1. Measure activity, not results. As a writer, your job is to share your truth, not worry about the outcome of your work. The first goal of a writer is to sit down and do the work, no matter how scary or hard it may be. When you do this, you almost always create something better and more honest than worrying about “what will people think?” So, write what moves you and leave the results to the readers.
  2. Tell the truth. No matter what, regardless of what is at stake, we must create something that is true, both to us and to the world. That means not only to be honest but to true to oneself. If something feels wrong, don’t do it. Your gut is the only thing that separates you from a robot. Try to trust it and be wary of the quick and easy route that leads to success (it doesn’t).
  3. Write what scares you. There is something powerful about leaning into fear and doing the thing that petrifies you. Nothing stirs the emotions of a reader like writing “from the heart,” as they say. Don’t hold back now. This is the year where you show all your scars, and maybe people will thank you for it. Regardless, you will be sharing your truth and that is enough.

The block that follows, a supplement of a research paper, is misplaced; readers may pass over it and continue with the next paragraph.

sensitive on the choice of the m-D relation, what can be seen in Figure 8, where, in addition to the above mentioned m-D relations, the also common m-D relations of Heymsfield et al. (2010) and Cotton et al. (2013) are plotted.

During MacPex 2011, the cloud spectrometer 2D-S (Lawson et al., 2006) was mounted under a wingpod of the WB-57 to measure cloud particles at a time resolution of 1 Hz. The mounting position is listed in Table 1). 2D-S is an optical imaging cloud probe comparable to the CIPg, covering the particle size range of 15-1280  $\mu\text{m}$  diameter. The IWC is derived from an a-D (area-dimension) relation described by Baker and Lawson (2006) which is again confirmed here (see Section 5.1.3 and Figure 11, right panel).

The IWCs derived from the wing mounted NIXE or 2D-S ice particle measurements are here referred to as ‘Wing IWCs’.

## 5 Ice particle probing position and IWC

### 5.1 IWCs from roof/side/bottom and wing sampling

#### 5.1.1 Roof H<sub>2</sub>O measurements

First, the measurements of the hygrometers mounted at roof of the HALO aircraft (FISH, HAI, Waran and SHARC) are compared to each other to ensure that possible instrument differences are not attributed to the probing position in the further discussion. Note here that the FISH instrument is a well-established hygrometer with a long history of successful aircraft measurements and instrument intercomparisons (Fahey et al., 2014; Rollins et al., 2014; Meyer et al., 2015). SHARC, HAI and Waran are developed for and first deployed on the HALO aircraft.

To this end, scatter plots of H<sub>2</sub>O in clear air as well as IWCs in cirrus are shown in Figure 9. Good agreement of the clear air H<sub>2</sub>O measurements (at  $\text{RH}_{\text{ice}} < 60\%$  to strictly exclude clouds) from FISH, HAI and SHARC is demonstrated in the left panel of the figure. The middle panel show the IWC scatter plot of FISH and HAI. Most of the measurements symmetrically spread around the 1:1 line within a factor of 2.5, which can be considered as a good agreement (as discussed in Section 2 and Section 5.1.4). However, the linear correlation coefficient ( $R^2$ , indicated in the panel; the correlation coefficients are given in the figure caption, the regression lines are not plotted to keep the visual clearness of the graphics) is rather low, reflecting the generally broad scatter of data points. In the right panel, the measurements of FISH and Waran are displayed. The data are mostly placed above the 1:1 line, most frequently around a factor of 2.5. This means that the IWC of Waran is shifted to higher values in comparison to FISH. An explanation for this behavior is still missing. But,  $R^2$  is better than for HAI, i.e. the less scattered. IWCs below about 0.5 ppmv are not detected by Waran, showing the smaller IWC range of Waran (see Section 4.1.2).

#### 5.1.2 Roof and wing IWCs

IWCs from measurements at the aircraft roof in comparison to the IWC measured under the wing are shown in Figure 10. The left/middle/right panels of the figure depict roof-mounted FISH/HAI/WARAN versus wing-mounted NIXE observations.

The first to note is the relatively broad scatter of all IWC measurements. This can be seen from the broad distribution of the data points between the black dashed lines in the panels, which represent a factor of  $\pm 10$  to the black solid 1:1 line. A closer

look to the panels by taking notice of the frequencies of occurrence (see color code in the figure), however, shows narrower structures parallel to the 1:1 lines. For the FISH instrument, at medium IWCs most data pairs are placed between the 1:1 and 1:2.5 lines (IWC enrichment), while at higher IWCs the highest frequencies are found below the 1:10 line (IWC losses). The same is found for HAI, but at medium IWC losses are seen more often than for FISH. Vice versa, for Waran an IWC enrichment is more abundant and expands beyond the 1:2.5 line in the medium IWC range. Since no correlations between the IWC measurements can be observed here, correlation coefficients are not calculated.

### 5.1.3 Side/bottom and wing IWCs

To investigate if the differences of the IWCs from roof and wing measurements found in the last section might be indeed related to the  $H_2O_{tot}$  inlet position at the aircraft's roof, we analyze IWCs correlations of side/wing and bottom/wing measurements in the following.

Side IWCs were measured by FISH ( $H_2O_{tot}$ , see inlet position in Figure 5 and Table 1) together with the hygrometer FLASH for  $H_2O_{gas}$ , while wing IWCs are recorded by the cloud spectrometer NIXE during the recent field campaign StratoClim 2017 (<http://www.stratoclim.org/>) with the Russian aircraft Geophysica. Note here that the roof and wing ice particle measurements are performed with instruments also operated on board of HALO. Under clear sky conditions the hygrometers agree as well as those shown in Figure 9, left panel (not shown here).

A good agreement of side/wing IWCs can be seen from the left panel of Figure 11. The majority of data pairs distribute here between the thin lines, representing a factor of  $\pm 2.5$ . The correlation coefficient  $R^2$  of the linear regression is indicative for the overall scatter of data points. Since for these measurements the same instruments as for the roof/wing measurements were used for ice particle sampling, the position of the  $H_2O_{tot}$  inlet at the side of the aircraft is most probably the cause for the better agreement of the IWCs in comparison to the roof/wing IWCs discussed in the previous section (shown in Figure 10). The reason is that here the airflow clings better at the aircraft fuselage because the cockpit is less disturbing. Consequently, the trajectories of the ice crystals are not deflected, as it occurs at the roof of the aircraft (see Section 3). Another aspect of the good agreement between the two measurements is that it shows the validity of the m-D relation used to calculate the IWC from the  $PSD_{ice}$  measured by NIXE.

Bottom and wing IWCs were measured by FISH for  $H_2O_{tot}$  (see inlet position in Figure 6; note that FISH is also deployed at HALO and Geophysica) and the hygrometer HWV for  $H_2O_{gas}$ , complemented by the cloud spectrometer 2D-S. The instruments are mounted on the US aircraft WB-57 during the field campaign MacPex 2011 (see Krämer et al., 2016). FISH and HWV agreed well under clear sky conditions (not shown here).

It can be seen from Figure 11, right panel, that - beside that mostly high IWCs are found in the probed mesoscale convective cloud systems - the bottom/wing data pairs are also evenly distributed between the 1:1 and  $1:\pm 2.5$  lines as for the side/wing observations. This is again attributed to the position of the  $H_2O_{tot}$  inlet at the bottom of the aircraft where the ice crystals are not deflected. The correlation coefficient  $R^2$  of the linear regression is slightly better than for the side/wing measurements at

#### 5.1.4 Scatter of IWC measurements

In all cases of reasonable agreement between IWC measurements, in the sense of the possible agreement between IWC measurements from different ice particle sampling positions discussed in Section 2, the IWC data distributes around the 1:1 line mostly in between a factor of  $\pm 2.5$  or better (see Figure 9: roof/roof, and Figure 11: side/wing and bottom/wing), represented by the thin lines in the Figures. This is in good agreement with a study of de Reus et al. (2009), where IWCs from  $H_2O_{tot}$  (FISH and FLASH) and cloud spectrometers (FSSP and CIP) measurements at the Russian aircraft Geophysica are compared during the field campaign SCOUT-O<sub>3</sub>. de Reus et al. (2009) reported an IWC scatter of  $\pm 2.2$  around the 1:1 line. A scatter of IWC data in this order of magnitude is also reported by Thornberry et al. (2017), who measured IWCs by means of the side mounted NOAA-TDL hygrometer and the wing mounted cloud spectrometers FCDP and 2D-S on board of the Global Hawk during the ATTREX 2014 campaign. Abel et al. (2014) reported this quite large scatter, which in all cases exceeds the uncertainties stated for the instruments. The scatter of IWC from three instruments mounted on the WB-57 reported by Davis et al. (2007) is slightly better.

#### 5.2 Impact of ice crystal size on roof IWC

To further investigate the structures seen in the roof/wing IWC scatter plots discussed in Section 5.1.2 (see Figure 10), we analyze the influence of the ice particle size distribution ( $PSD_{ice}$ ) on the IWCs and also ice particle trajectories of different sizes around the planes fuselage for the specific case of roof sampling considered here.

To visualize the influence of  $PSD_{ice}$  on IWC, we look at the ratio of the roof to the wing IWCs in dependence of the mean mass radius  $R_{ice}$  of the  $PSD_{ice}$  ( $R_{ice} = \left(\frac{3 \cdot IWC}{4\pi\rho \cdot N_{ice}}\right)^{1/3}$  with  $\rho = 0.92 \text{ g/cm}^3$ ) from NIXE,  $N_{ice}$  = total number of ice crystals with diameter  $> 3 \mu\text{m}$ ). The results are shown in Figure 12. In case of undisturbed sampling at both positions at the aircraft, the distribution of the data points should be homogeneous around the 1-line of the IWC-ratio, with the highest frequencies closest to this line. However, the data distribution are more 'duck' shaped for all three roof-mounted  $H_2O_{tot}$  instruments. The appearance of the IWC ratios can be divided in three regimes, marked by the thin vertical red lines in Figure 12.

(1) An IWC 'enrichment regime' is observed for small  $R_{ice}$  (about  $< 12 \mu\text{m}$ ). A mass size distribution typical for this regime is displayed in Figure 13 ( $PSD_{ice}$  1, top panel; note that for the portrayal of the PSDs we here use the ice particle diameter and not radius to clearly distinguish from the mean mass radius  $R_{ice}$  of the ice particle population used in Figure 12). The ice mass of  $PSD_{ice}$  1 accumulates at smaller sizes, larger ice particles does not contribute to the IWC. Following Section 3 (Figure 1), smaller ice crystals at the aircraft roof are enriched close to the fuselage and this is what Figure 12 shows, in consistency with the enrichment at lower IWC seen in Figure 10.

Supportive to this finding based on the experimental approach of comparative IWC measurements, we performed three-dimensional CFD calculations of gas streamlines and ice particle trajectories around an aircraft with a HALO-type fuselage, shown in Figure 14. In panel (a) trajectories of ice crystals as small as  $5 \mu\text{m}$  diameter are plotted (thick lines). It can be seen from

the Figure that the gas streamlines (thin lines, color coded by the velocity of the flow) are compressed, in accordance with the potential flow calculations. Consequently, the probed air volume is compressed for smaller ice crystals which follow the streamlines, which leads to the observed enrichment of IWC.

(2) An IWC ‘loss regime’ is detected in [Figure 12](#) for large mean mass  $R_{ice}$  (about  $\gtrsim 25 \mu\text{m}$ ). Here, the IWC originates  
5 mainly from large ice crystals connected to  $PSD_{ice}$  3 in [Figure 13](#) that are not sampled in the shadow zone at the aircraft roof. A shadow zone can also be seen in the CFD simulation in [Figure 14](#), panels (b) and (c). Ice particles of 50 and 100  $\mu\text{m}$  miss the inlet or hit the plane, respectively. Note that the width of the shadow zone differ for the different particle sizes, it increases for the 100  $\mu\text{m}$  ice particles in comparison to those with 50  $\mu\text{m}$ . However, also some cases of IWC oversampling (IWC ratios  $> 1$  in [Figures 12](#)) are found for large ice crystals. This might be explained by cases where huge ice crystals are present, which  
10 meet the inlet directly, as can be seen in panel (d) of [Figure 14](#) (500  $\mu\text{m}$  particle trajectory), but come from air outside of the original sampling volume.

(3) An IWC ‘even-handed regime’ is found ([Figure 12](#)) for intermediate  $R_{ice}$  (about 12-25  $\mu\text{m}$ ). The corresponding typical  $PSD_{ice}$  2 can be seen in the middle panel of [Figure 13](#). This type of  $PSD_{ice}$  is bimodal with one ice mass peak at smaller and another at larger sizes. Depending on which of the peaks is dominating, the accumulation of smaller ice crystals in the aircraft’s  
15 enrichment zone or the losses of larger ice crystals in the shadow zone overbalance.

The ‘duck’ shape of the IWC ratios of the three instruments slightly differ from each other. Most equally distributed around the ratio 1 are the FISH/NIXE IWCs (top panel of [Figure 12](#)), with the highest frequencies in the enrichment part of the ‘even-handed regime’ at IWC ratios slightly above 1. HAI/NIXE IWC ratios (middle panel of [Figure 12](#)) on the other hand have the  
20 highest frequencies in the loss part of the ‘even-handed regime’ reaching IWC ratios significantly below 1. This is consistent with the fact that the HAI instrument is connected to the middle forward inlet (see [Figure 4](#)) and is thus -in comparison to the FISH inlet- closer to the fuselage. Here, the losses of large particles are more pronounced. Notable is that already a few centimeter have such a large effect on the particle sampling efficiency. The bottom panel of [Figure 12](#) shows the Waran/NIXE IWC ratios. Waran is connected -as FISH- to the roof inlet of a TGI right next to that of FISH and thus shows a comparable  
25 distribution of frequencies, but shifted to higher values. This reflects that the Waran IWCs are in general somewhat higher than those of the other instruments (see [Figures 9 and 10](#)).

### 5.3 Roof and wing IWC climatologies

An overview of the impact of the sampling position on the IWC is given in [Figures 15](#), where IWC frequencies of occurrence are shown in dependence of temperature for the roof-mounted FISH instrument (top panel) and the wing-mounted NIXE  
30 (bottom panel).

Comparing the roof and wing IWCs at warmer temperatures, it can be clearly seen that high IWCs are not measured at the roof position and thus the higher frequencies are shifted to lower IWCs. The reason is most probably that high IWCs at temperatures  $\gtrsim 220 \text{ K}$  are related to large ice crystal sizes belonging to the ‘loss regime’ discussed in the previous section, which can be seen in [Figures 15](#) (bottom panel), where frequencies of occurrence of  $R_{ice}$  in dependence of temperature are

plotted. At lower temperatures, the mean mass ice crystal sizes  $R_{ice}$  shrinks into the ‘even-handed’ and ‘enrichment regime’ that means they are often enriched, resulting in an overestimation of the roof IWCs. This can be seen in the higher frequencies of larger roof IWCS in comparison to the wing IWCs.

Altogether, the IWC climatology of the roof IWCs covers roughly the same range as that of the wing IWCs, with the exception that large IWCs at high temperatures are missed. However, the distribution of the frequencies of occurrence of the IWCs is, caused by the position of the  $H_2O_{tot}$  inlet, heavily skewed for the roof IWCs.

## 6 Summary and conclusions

4. Don’t take yourself so seriously. I am guilty of this myself, but the truth is some of the best writing in history has a sense of humour. There’s nothing wrong with making the reader laugh. If all you’re writing is the facts, then you’re a reporter, not a writer. Which is fine, unless you want to create something that tests the boundaries of the status quo, something that goes beyond “just the facts.” In which case, you had better be funny.